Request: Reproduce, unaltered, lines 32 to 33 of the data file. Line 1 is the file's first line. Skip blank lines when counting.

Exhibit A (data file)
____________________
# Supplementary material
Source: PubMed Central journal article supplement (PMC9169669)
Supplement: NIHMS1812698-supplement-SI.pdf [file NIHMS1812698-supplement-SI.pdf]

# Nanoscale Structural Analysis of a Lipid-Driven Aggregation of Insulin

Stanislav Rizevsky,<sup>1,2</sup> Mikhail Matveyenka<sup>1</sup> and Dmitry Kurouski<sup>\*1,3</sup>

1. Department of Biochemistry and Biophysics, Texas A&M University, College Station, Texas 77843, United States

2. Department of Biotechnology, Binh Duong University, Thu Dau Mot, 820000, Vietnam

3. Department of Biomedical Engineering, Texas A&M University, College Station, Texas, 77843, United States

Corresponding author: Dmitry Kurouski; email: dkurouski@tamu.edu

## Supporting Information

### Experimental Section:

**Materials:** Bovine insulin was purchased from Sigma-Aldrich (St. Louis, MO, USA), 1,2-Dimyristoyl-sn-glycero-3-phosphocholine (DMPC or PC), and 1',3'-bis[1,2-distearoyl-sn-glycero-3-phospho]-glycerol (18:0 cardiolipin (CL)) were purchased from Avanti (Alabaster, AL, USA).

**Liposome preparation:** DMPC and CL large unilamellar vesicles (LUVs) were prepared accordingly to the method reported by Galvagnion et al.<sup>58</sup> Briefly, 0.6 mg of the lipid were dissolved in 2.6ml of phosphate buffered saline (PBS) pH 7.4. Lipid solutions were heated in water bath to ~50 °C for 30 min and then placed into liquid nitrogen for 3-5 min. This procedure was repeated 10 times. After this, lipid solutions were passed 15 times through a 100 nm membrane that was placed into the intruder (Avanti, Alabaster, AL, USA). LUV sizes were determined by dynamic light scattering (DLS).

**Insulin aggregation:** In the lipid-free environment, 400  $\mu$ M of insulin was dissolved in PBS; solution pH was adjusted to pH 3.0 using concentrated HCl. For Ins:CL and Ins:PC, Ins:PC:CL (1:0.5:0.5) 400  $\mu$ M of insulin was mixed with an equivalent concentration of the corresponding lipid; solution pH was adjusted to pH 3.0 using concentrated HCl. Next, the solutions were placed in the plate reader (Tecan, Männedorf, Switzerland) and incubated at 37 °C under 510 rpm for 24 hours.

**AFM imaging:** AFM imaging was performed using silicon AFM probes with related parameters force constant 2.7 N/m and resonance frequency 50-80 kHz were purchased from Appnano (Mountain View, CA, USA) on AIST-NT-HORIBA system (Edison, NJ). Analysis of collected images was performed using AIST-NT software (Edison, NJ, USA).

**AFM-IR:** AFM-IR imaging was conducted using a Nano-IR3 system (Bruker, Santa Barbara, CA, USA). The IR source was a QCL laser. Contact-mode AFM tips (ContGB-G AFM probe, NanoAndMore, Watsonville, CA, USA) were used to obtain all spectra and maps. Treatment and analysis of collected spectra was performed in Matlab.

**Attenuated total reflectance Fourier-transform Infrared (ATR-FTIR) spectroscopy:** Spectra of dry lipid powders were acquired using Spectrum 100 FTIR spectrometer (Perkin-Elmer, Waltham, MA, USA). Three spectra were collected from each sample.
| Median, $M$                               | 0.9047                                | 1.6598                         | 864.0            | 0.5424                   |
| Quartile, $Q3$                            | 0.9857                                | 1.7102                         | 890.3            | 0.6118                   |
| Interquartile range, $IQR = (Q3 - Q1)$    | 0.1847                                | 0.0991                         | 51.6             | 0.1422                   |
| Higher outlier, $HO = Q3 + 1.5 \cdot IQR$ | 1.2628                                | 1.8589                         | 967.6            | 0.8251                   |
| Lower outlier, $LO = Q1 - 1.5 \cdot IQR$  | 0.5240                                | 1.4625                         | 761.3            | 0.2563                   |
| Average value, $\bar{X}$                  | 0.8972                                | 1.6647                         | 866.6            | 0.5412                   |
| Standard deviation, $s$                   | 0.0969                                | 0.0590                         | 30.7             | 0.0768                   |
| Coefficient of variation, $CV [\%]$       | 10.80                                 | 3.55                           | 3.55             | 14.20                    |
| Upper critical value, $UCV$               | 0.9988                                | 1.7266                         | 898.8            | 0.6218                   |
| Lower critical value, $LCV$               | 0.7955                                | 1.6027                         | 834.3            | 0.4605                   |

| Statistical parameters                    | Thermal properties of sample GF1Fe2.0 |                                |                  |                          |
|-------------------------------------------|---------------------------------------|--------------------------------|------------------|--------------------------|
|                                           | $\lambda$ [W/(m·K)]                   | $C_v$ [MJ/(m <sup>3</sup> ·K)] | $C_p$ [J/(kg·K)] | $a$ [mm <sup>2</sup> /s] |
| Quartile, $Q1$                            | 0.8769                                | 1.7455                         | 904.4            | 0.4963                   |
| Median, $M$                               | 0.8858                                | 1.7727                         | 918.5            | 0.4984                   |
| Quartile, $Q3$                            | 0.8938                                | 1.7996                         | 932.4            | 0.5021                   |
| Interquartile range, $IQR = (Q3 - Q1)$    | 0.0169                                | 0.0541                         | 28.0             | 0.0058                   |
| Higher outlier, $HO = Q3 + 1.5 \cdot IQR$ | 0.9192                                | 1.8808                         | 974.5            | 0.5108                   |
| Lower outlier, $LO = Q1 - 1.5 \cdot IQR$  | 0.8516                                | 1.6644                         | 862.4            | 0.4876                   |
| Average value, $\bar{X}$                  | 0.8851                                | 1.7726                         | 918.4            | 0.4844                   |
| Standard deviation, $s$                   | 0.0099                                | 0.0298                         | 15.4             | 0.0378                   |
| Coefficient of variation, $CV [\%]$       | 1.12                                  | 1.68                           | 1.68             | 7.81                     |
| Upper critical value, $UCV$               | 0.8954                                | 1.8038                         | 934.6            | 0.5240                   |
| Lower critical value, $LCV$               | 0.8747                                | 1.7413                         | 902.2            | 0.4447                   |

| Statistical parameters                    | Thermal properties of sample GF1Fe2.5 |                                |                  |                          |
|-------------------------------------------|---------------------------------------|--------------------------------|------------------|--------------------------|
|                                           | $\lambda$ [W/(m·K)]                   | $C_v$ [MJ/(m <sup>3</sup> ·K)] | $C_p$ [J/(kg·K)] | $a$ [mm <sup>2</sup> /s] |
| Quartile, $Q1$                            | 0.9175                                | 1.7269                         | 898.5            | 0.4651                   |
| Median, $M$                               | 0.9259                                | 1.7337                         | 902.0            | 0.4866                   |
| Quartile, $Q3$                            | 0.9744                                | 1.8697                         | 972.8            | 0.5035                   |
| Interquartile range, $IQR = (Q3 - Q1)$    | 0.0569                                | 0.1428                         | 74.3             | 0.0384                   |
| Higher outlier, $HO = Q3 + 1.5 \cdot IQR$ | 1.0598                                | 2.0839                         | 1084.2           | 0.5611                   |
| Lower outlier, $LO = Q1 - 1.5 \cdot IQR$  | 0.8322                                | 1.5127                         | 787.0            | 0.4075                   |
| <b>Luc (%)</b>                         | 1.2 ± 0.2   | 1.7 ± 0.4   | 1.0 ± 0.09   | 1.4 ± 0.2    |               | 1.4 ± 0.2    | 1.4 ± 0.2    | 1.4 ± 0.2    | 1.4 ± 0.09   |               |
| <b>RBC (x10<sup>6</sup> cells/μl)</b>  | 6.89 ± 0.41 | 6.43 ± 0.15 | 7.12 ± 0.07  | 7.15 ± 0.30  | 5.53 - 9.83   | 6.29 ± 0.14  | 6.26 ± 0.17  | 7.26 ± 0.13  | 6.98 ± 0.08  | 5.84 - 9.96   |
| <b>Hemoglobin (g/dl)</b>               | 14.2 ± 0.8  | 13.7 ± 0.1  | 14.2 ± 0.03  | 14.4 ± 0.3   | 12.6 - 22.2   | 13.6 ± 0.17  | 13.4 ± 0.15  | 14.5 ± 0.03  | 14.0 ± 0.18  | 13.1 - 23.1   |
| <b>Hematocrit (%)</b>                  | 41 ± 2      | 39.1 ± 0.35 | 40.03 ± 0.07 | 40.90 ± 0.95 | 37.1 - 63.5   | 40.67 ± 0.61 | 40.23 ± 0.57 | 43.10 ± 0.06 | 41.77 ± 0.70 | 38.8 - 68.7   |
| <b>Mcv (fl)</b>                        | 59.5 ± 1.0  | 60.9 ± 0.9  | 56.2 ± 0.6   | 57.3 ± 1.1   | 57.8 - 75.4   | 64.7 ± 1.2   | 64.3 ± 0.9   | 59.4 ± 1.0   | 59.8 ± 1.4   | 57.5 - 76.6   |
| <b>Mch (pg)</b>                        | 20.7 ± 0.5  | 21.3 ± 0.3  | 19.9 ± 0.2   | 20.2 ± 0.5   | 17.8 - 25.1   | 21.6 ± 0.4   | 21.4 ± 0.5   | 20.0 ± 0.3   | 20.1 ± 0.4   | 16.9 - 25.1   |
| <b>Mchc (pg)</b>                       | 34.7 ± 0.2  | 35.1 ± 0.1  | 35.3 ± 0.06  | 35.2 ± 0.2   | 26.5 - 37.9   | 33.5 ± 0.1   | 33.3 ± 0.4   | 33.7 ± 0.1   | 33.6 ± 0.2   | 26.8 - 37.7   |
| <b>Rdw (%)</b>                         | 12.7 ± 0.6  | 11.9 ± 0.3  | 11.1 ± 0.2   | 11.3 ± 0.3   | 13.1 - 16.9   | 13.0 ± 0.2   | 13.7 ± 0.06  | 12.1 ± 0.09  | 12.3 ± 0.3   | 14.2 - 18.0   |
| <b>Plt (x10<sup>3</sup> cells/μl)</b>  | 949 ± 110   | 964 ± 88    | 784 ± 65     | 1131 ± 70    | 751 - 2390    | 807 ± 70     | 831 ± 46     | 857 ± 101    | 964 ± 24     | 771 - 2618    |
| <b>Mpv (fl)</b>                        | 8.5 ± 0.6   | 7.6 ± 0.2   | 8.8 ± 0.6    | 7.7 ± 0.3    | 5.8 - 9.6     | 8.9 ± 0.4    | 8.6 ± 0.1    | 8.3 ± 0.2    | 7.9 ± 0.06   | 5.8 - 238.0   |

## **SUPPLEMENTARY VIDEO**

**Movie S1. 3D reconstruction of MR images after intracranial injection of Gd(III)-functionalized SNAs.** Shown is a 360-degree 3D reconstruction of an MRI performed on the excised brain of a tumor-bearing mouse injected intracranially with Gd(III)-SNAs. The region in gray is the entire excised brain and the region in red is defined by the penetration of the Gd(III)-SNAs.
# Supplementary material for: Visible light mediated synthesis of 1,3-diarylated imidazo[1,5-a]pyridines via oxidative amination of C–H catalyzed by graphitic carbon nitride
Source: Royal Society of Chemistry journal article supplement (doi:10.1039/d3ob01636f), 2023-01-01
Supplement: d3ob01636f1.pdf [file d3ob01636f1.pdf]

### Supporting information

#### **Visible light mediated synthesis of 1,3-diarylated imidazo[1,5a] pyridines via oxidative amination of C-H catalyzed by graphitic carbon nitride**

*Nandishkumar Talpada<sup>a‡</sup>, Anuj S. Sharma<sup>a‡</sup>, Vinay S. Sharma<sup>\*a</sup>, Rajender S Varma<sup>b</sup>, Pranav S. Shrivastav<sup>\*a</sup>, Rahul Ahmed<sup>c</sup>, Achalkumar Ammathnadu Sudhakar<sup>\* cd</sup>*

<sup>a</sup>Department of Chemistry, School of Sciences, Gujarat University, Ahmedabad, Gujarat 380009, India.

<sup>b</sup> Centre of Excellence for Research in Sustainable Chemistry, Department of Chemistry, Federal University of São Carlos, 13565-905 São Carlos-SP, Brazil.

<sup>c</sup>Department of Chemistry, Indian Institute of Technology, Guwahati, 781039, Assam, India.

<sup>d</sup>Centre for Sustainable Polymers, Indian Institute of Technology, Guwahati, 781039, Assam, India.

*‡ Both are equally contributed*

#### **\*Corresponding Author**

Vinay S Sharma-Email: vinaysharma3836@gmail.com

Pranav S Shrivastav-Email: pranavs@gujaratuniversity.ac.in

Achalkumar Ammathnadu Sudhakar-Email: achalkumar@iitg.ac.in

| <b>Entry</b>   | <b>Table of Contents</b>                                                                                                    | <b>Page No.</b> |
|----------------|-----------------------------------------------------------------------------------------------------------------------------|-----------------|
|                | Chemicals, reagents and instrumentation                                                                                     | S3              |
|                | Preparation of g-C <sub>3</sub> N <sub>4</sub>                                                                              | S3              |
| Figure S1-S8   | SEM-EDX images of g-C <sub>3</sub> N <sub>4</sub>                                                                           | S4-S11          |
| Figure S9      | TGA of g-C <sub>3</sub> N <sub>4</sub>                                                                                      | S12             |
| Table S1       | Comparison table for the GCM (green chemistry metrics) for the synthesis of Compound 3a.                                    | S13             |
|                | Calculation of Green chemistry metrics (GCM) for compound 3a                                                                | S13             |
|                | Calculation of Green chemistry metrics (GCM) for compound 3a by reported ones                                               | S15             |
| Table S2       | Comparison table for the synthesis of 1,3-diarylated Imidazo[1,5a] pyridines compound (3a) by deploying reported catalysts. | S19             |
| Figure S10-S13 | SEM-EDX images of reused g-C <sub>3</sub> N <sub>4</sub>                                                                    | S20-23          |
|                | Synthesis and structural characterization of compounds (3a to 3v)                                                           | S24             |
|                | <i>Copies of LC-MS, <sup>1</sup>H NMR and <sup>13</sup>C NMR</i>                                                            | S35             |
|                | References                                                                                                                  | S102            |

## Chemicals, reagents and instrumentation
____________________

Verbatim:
| Median, $M$                               | 0.8858                                | 1.7727                         | 918.5            | 0.4984                   |
| Quartile, $Q3$                            | 0.8938                                | 1.7996                         | 932.4            | 0.5021                   |